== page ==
Eleven plus parents will be working with their children on vocabulary but, as we have just seen, even everyday words can stimulate discussion and conjecture. Keep a dictionary close to hand – especially when working through papers. Talk about words and ideas. Help your child to recognise that exploring words can be exciting and refreshing.

Wednesday, July 16, 2008

The Eleven Plus

Many years ago Charles Darwin became involved in studying children. He watched their behaviour and development – and presented a picture of children who were genetically structured to adjust to the environment.

His half-cousin, Francis Galton, demonstrated that children really were individuals – and that they conformed to norms.

It was left to Burt, back in 1921, who popularised testing on a more scientific basis.

Today there are many teachers, educationists and parents who feel that the SATs testing at 7, 11 and 14 is un-necessary.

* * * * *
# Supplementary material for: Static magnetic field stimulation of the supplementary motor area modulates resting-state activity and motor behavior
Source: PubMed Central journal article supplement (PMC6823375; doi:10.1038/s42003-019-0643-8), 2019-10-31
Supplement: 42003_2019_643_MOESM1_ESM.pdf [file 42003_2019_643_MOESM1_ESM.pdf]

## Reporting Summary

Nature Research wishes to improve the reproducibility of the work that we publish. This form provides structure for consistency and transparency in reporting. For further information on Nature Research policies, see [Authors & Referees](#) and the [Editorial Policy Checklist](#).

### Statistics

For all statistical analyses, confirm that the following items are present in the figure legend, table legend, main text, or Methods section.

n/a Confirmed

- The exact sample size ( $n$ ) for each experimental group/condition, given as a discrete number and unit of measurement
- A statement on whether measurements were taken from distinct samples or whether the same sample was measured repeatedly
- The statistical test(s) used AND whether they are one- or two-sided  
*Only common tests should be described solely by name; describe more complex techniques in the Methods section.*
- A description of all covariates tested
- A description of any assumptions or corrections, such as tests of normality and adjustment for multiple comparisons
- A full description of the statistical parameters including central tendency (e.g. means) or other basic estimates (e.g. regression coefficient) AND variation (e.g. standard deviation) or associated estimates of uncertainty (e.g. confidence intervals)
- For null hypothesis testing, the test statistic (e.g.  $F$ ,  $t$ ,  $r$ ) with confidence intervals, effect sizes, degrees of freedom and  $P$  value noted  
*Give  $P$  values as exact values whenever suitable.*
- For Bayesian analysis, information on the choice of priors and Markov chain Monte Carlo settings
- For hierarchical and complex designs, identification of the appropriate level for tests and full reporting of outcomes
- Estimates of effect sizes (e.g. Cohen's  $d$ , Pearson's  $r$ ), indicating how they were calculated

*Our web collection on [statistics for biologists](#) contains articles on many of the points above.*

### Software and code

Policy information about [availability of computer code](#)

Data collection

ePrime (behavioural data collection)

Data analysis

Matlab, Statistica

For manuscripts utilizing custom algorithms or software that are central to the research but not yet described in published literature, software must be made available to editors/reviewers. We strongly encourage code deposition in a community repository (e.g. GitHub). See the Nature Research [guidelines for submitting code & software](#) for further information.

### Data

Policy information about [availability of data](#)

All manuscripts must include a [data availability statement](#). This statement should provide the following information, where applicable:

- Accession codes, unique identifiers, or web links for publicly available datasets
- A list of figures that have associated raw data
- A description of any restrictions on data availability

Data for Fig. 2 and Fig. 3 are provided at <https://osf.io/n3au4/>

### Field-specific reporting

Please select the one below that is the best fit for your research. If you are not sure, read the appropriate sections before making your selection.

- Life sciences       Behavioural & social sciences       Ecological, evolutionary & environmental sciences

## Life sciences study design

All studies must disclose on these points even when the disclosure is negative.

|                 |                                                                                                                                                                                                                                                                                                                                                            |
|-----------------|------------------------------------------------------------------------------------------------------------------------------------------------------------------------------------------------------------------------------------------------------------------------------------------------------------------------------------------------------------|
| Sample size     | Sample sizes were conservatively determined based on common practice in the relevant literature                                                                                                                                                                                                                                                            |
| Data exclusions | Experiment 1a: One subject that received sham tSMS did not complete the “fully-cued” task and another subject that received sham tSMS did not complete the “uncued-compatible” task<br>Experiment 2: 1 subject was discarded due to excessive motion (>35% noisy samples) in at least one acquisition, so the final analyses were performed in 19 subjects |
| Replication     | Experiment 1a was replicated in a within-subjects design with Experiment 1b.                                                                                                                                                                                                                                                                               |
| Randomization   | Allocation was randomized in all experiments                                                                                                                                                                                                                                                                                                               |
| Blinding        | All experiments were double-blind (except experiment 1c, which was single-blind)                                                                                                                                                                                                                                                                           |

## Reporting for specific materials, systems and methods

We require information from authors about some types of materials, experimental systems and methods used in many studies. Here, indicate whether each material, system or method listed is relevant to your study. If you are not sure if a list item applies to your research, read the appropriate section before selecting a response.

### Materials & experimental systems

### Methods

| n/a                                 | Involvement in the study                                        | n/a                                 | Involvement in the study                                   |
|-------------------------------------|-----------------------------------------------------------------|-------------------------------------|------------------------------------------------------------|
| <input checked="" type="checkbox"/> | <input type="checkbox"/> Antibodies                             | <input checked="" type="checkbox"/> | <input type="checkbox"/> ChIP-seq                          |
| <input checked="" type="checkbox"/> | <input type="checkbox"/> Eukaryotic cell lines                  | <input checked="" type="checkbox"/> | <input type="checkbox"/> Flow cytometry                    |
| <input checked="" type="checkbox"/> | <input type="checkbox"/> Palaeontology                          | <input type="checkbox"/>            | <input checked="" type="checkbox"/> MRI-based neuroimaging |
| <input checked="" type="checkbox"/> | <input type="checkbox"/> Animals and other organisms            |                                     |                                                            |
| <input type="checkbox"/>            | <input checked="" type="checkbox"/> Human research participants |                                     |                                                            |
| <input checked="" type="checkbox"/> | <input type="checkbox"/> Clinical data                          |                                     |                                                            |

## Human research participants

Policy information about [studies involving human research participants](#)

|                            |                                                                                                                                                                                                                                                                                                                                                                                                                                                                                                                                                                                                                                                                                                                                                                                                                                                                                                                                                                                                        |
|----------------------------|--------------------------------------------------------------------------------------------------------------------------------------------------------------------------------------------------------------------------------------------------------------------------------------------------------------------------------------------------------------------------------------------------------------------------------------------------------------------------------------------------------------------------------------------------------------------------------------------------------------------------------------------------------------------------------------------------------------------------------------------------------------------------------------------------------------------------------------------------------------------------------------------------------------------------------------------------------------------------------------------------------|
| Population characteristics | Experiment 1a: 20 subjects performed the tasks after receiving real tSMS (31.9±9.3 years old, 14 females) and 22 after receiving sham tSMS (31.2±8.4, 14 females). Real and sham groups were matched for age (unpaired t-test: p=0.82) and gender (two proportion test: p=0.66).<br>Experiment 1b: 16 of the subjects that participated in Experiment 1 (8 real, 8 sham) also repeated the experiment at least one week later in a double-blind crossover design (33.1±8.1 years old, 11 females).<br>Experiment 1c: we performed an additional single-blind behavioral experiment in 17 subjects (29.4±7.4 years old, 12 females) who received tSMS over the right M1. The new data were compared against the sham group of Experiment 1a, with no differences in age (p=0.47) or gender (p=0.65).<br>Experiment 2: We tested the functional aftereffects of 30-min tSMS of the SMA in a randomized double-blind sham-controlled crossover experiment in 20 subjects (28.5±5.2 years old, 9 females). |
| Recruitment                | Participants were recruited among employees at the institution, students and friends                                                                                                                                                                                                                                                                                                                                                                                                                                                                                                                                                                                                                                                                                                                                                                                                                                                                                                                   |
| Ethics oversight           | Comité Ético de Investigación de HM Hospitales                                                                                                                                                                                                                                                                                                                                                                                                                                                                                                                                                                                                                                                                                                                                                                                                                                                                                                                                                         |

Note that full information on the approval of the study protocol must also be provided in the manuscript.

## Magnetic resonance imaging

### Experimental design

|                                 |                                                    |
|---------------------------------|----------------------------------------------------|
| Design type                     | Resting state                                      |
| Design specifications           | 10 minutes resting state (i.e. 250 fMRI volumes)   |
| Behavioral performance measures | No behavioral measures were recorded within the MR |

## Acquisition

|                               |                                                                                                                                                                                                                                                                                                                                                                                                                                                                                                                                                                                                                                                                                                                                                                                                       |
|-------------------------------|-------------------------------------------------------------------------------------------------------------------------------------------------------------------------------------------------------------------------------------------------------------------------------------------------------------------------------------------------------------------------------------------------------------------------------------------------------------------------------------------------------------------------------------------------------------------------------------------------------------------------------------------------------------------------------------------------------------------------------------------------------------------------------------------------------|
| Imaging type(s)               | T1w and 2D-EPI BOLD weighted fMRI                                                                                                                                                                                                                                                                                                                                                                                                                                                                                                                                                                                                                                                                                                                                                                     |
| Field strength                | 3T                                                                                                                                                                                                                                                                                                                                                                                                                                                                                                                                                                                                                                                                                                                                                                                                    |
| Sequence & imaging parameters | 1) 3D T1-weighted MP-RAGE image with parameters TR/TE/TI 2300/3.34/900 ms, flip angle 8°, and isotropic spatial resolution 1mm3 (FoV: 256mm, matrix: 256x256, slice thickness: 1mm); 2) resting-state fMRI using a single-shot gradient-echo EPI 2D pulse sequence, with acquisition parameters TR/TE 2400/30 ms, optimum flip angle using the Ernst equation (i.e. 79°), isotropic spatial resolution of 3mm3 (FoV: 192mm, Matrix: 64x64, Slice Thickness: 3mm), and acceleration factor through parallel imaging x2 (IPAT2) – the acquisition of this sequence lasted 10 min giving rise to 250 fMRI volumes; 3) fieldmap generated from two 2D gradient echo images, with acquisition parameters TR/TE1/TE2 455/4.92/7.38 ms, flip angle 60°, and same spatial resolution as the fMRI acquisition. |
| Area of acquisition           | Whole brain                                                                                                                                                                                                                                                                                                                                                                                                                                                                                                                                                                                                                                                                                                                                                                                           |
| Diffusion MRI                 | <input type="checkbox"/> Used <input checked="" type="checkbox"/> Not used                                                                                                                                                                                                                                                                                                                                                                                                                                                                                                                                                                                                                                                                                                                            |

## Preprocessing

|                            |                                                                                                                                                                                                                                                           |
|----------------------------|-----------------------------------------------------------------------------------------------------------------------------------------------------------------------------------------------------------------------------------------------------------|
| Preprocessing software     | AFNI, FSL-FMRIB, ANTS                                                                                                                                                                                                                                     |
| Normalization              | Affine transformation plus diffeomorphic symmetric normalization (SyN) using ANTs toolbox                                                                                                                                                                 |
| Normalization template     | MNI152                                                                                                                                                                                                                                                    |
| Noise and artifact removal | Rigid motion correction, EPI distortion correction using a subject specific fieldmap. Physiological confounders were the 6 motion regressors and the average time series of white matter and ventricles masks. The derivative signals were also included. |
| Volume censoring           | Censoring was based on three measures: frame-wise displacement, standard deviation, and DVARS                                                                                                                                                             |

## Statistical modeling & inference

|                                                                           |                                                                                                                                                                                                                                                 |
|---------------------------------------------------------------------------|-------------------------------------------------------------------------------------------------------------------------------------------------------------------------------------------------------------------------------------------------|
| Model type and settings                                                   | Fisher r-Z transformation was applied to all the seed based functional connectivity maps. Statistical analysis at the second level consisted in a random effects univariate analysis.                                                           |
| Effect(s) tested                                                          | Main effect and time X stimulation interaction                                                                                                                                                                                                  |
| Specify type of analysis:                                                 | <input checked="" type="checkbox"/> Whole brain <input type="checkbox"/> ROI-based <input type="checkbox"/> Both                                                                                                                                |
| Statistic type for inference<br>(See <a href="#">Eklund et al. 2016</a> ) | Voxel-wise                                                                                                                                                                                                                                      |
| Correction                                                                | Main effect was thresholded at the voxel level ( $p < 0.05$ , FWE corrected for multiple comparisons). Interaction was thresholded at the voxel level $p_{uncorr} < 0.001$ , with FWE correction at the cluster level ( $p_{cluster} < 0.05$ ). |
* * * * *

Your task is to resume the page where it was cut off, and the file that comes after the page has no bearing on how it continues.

There are also many opponents of Eleven Plus testing. We met a mum at the recent Kent Show who argued vehemently against the Eleven Plus. She maintained that her bright and able child would do just as well, if not better, in a comprehensive school. We wish the family well.

Standardised tests give us the ability to select on as level a playing field as possible. The problem is the tests we are using today to test children are remarkably similar to those set all those years ago when selection tests were first mooted.

After the Second World Way the five day cricket test was all important. Today every one is talking about Twenty Twenty. The game is still cricket – but the rules have changed. We still have two sides. We still have a wicket. There is still a ball, bowlers, fielders and batsmen. Standing at either end there are the umpires. Today, however, the umpires are aided by modern technology – and a match judge. Twenty Twenty is pulling in the crowds. The game is still cricket – but not cricket as it was known fifty years ago. Time has marched on.